I agree. Back in the late 80s the One Shot can said to use Kerosene. That's why I wondered what PPG changed when they bought them in 2012.

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On 6/11/2022 at 12:59 AM, Frank DuVal said:

Does the Directions of the One-Shot still say use Kerosene? That's all I used back in the 80's. I used it to brush on pinstripes. 

 

One-Shot is available at most real art stores.😉

 

Hmm, SDS of the two One Shot specific reducers show Naptha as the main ingredient. SDS of Kerosene shows Kerosine as the main (100%) ingredient. So, did PPG change the formula for One Shot, or just want to sell a reducer? I'd try a small capful of color with some Kerosene in it. You can tell right away if things are not reducing correctly. As I recall, it just took drops of Kerosene to thin to striping consistency.

No mention of what to use for the reducer on the label, but warning label of quite thorough. I will try the kerosene with a very small amount. Monday will be a trip to the art store for brushes.  

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20 hours ago, Walt G said:

Pin Stripers use or used to use one shot for pin stripes on cars, wheels, monograms on doors etc. I taught art for over 35 years, had available to me all kinds of assorted paints from water base to lacquer to enamel. I use one shot and am using it now to restore a vintage toy. The biggest "mistake" is using a cheap bristol brush- then you blame the paint because you didn't have a correct flat ( not pointy - round) brush. Something about 3/8 or 1/2 inch work best. No need to thin. It flattens/flows  out and you do not see the brush hair lines. Clean up your brush with a decent thinner. One shot is not cheap! But it is very tough/ durable  and long lasting - ALLOW A LOT OF TIME TO SET/DRY. Double what it says on the can, do not press your finger in it to see if it is dry - you will leave a finger print! !!!!!!  Better to let it dry in a place that does not see a lot of activity so dust then floats around and lands in tacky paint.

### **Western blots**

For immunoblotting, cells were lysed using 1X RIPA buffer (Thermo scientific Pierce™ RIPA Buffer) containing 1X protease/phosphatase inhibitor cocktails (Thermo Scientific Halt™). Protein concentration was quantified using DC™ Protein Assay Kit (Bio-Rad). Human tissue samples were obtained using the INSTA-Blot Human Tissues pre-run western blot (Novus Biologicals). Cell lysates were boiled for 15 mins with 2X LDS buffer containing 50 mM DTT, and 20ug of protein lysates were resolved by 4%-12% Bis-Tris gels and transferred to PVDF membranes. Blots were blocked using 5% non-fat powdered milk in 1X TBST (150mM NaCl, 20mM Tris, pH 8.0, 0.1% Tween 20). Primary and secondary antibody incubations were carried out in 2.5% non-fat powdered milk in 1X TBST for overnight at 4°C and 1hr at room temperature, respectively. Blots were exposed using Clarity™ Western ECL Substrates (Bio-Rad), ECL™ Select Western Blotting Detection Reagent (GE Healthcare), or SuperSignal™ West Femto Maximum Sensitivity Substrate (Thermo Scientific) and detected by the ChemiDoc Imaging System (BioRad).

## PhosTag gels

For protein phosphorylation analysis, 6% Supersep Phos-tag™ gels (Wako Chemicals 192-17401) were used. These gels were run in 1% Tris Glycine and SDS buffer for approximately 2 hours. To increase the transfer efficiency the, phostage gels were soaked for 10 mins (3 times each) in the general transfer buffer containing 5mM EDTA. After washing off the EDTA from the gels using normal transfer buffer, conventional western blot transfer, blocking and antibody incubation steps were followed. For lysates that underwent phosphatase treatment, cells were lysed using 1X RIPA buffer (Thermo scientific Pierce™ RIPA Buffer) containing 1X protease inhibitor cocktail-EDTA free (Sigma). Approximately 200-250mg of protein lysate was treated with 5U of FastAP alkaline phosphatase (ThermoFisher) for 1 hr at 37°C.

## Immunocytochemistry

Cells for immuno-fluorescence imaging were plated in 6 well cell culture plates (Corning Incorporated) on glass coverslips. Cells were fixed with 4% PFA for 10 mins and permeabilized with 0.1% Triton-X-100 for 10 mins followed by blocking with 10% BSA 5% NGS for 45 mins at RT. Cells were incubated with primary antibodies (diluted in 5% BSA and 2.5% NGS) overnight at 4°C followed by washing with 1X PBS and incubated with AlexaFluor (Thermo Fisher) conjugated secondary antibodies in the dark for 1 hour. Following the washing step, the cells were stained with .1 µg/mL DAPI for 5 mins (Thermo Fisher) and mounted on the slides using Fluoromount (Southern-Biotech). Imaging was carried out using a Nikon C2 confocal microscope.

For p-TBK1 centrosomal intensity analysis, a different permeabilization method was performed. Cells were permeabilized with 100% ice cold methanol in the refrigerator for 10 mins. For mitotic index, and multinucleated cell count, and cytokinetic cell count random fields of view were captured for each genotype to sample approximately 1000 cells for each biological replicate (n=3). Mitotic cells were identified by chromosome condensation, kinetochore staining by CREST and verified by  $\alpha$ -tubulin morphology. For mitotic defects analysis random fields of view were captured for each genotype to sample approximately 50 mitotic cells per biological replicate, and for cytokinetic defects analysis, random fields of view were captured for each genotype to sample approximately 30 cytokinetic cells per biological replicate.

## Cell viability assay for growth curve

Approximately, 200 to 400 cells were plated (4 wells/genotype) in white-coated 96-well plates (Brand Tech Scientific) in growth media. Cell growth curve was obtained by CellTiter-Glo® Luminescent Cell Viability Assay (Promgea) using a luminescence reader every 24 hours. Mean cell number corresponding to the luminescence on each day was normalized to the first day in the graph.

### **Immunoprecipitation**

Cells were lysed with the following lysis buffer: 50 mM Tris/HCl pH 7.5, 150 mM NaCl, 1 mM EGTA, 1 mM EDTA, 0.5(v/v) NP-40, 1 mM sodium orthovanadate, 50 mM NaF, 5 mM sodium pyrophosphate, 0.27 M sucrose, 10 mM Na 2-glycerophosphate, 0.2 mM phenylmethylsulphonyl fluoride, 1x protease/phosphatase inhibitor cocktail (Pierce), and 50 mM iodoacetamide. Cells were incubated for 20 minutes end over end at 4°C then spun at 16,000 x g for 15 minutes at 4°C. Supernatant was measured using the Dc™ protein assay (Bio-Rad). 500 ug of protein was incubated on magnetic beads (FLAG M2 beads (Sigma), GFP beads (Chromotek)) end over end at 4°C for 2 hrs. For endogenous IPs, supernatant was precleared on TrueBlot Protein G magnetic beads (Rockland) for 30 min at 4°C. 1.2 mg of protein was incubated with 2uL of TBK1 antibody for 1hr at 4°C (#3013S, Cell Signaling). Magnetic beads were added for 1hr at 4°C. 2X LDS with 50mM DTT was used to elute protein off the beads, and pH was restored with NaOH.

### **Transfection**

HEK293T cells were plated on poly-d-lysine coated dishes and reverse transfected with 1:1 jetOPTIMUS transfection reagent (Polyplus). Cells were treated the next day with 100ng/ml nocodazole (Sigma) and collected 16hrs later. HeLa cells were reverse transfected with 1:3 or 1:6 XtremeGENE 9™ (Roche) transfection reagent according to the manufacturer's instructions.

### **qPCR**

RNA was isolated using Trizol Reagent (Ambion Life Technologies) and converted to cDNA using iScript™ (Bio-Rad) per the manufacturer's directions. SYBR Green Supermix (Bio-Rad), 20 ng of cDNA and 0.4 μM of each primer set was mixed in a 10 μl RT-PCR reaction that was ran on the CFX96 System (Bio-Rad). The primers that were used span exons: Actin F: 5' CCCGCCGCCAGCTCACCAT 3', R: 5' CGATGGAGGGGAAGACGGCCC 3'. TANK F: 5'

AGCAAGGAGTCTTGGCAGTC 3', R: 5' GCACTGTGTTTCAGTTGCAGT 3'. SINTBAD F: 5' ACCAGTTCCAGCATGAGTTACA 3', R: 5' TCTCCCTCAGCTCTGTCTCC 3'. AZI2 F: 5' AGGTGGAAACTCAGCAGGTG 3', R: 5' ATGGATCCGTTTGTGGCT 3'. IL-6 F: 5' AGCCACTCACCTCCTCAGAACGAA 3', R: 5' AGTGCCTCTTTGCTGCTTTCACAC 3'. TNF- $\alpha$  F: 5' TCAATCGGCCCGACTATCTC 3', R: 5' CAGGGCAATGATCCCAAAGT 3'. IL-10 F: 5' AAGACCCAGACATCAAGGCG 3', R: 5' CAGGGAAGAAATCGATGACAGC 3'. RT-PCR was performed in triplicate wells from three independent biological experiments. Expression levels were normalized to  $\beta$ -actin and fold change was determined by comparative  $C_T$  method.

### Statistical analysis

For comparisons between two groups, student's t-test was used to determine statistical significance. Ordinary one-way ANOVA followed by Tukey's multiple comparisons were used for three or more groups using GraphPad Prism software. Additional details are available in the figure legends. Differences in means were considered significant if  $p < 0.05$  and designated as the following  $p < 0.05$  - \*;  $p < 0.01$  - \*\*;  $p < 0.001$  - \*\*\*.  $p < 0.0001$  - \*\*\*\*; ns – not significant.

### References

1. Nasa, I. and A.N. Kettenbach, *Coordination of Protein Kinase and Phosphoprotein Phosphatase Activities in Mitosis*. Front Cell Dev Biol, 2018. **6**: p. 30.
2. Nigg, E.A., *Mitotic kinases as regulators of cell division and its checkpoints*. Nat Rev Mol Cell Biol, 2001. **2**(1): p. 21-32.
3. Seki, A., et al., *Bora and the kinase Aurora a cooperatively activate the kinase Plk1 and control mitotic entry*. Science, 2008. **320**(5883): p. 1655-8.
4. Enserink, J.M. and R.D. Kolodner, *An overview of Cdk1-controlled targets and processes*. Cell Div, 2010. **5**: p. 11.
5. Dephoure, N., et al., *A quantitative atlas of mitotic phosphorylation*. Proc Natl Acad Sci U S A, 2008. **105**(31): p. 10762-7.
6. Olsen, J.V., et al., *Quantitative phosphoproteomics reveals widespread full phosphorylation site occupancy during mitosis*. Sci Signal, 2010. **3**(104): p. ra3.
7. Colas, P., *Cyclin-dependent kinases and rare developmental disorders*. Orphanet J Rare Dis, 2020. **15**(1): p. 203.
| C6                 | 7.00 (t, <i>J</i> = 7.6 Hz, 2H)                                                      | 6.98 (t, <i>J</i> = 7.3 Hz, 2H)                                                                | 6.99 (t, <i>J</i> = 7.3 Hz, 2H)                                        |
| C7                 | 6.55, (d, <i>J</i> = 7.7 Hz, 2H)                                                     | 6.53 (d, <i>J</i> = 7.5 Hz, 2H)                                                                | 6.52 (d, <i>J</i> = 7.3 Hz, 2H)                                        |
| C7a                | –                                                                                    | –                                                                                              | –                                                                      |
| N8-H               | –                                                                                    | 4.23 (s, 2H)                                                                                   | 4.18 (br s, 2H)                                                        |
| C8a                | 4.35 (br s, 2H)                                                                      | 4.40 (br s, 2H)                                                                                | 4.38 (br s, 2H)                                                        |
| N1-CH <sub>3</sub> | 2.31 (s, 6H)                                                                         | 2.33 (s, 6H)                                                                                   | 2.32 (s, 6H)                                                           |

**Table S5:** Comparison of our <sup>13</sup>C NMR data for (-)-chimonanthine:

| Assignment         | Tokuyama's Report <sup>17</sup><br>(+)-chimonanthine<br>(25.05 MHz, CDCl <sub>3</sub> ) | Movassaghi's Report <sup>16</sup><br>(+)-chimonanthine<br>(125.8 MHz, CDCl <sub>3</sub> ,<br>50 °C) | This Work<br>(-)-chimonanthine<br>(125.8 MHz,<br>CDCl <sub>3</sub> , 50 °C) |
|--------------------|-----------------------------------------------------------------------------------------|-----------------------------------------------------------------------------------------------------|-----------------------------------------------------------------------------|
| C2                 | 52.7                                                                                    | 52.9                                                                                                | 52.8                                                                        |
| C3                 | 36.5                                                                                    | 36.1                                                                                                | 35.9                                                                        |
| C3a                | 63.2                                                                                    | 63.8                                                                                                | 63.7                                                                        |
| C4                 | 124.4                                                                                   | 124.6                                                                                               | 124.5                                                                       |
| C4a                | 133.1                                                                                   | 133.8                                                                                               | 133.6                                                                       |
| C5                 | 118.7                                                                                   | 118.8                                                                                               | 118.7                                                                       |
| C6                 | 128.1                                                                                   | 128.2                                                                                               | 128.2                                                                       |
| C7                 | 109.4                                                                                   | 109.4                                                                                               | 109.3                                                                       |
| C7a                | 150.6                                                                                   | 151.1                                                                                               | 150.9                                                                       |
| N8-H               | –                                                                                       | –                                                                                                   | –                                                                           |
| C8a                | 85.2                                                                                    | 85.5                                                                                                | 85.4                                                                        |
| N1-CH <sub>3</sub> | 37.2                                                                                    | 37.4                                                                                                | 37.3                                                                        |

Sorry if this seems like a lecture but remember I was a teacher! Be a good lad or lassy and listen to your teacher! ( or you will have to start over, there is no quick fix if you goof up)  Experiment on a scrap piece to see how well the paint flows ( best practice piece is a piece of masonite, primed , sanded. then use the one shot on it as the surface will be as about as close to what you want and will paint.

You don't need a huge can of paint. Buy smallest or medium size then if you need more buy more. Go to a quality art store for ART SUPPLIES not some children's craft store - they will not have it. This is not a kids paint, ( fumes etc) so it will not be in the 'craft project of the week' section.

Thanks for the information, I will try it on another (scrap) plate and stay away from the reducer to begin with. 

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Mike

Like anything what you paint will come out great if the surface you are working on is perfect, just like of you were restoring a fender on a car. It is all in the preparation. It will take a while to get used to how much paint to put on to flow correctly and see the brush hair marks disappear and not put to much on and then it "puddles" and will crack in the center of that puddle when totally dry. Yes, experiment .

I am always happy to share how or what with most everyone - be it something like this, sung a spray gun to paint lacquer, share a period image or photo etc. we all are a bunch of guys and gals who just take great satisfaction in history and preservation and the eye appeal of fine objects.

Walt